Pertussis. Chapter 15 Pertussis. August Pertussis. Vaccine introduced in 1952/53 (DTP) and 1996 (DTaP) NOTIFIABLE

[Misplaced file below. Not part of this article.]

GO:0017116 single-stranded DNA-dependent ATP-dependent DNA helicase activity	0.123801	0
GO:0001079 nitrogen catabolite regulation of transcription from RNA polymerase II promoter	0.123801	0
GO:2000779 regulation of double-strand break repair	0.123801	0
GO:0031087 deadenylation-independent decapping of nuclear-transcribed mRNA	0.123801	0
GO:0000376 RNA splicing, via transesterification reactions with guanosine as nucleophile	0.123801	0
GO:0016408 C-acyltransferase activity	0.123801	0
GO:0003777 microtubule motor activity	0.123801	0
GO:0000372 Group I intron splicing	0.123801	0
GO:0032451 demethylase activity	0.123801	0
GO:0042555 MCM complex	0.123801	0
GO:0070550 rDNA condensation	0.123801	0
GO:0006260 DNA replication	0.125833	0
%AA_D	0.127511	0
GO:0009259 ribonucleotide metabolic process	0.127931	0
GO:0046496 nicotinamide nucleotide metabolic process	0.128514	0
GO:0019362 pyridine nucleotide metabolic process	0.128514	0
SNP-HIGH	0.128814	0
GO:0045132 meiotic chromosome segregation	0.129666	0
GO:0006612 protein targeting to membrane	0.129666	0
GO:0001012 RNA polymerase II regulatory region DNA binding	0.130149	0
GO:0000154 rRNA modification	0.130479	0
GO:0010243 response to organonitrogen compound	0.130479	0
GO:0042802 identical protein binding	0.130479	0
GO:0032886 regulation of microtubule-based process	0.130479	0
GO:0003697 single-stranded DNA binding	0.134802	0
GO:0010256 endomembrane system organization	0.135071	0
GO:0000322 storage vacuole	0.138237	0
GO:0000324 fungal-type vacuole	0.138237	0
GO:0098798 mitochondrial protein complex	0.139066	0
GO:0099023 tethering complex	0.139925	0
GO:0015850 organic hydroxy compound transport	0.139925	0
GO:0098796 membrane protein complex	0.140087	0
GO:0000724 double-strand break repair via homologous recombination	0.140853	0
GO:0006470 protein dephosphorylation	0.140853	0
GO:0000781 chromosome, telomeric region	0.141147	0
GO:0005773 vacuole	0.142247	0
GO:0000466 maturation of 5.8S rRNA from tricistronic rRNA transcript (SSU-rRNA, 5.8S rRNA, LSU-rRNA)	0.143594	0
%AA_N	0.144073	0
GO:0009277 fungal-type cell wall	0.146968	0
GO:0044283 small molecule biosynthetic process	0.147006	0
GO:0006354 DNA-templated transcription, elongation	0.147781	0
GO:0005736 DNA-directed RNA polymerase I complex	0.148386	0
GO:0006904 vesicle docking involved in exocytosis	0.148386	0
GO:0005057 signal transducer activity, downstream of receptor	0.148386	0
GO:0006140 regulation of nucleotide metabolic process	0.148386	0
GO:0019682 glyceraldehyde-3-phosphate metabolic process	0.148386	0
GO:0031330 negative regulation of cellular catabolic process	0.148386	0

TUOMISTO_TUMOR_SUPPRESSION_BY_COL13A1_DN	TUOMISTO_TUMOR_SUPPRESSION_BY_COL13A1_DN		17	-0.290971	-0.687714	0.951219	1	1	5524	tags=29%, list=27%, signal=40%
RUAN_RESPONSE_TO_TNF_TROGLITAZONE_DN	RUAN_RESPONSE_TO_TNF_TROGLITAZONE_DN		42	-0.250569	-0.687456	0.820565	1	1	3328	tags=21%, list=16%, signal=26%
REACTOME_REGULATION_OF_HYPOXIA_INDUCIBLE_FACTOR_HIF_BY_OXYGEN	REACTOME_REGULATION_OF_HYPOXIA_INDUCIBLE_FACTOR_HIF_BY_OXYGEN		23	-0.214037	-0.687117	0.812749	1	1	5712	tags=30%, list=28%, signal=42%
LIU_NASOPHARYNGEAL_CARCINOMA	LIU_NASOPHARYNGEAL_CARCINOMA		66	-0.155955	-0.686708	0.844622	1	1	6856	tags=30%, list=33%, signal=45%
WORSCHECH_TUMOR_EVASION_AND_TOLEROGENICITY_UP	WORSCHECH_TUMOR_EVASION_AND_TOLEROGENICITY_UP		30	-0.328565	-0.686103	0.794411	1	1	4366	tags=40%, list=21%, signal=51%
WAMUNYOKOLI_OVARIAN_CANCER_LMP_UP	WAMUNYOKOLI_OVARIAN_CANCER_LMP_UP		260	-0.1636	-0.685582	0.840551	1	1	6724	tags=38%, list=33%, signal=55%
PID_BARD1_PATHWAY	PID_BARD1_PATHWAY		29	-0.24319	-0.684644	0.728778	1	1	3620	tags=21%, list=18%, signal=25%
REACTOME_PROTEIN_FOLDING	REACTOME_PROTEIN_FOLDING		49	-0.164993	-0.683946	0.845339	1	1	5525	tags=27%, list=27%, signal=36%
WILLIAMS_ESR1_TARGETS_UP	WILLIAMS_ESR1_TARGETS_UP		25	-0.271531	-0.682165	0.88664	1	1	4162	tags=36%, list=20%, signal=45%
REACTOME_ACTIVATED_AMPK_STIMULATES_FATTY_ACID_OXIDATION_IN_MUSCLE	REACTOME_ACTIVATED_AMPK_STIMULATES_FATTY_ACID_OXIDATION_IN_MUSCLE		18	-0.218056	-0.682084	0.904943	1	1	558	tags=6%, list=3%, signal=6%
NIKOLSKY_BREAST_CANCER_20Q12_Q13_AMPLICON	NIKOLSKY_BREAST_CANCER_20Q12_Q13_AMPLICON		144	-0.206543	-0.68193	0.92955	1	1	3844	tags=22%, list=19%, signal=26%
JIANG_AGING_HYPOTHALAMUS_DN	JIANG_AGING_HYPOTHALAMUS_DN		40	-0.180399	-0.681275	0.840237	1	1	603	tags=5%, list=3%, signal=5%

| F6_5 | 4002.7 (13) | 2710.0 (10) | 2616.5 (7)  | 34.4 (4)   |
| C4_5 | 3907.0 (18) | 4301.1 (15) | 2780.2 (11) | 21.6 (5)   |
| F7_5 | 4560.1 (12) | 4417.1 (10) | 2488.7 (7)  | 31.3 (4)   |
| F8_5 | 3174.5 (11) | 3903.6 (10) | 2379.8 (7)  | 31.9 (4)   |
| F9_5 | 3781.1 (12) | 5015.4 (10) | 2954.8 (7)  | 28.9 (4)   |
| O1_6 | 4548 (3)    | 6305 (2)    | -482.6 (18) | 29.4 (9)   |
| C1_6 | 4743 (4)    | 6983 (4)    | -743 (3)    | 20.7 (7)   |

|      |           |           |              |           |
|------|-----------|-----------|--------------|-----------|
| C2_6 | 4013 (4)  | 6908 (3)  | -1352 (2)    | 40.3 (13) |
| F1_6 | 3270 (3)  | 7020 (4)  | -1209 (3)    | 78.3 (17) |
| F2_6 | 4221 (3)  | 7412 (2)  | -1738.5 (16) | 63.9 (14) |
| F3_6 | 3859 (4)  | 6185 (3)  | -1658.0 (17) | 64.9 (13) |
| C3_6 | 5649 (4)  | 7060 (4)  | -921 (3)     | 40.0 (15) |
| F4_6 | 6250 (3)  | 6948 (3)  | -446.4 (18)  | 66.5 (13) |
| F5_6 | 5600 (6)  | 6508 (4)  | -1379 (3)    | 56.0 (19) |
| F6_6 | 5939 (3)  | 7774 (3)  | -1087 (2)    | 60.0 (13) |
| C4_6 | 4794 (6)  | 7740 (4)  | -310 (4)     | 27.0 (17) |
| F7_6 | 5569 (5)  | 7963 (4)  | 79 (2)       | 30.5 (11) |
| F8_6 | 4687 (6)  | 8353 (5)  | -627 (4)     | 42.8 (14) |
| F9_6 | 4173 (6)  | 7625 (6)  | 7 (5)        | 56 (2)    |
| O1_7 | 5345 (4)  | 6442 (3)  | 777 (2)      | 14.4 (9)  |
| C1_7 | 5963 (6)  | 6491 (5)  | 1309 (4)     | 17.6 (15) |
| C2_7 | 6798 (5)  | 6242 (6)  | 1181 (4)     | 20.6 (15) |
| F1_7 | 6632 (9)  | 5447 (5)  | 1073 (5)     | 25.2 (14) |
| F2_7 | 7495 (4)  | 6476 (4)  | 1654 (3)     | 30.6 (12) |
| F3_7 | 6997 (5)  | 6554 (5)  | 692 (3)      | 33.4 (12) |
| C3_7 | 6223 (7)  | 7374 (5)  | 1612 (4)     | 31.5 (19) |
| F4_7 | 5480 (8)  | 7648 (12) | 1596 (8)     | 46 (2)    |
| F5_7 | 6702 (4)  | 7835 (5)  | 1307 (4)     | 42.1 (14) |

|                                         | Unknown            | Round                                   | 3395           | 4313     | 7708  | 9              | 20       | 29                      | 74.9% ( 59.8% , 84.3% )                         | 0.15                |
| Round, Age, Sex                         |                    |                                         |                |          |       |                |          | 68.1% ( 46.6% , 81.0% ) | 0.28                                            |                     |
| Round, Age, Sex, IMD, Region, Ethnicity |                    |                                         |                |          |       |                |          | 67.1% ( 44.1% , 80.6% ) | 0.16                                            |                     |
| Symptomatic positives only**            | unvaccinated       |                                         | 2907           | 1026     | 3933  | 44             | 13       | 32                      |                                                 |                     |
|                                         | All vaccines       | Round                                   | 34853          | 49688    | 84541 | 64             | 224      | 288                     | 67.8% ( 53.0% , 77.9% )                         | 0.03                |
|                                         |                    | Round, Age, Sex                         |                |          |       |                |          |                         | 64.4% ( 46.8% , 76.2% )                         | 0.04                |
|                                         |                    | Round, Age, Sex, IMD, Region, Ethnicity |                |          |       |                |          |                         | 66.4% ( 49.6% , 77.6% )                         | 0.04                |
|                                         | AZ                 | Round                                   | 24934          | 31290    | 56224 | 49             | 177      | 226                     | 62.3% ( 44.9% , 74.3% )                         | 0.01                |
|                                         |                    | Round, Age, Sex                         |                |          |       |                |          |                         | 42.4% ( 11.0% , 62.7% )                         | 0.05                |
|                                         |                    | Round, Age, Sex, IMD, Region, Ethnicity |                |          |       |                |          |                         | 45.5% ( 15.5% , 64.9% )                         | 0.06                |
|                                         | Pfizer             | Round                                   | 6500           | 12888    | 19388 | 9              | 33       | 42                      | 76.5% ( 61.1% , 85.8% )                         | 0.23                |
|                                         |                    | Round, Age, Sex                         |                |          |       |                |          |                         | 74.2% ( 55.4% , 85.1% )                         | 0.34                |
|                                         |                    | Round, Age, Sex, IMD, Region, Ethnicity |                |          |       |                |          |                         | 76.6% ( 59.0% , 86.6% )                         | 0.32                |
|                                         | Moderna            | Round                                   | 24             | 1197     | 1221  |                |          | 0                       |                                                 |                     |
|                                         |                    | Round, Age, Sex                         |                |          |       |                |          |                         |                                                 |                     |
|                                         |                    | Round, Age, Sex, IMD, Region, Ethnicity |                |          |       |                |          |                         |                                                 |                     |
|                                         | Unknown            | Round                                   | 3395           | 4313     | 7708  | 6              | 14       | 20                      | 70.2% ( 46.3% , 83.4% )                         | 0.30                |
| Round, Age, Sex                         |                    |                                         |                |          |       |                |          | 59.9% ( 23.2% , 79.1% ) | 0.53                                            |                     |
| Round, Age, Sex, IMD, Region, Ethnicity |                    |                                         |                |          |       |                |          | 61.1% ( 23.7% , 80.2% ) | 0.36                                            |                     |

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1 Chapter Vaccine introduced in 1952/53 (DTP) and 1996 (DTaP) NOTIFIABLE In some circumstances, advice in these guidelines may differ from that in the Summary of Product Characteristics of the vaccines. When this occurs, the recommendations in these guidelines, which are based on current expert advice from NIAC, should be followed. Introduction (whooping cough) is a highly infectious bacterial disease caused by Bordetella pertussis, a fastidious Gram negative coccobacillus with exclusive affinity for the mucosal layers of the human respiratory tract. The organism survives only a few hours in respiratory secretions and requires special media for culture. The illness is more severe and mortality rates are highest in infants. Following both infection and vaccination immunity wanes, so that after 10 years, over 50% are susceptible to reinfection. Subsequent disease tends to be subclinical or mild and may not be diagnosed, but is infectious. Up to 16 secondary infections can result from each index case in a fully susceptible population. Epidemiology occurs endemically with periodic outbreaks. Worldwide, over 45 million cases occur annually, with more than 250,000 deaths. In low resource countries, the case-fatality rate among infants may be as high as 4%. Reported cases of pertussis represent only a fraction of the actual number of symptomatic infections, because under-consultation, underdiagnosis and under-reporting are widespread, particularly in adolescents and adults. 1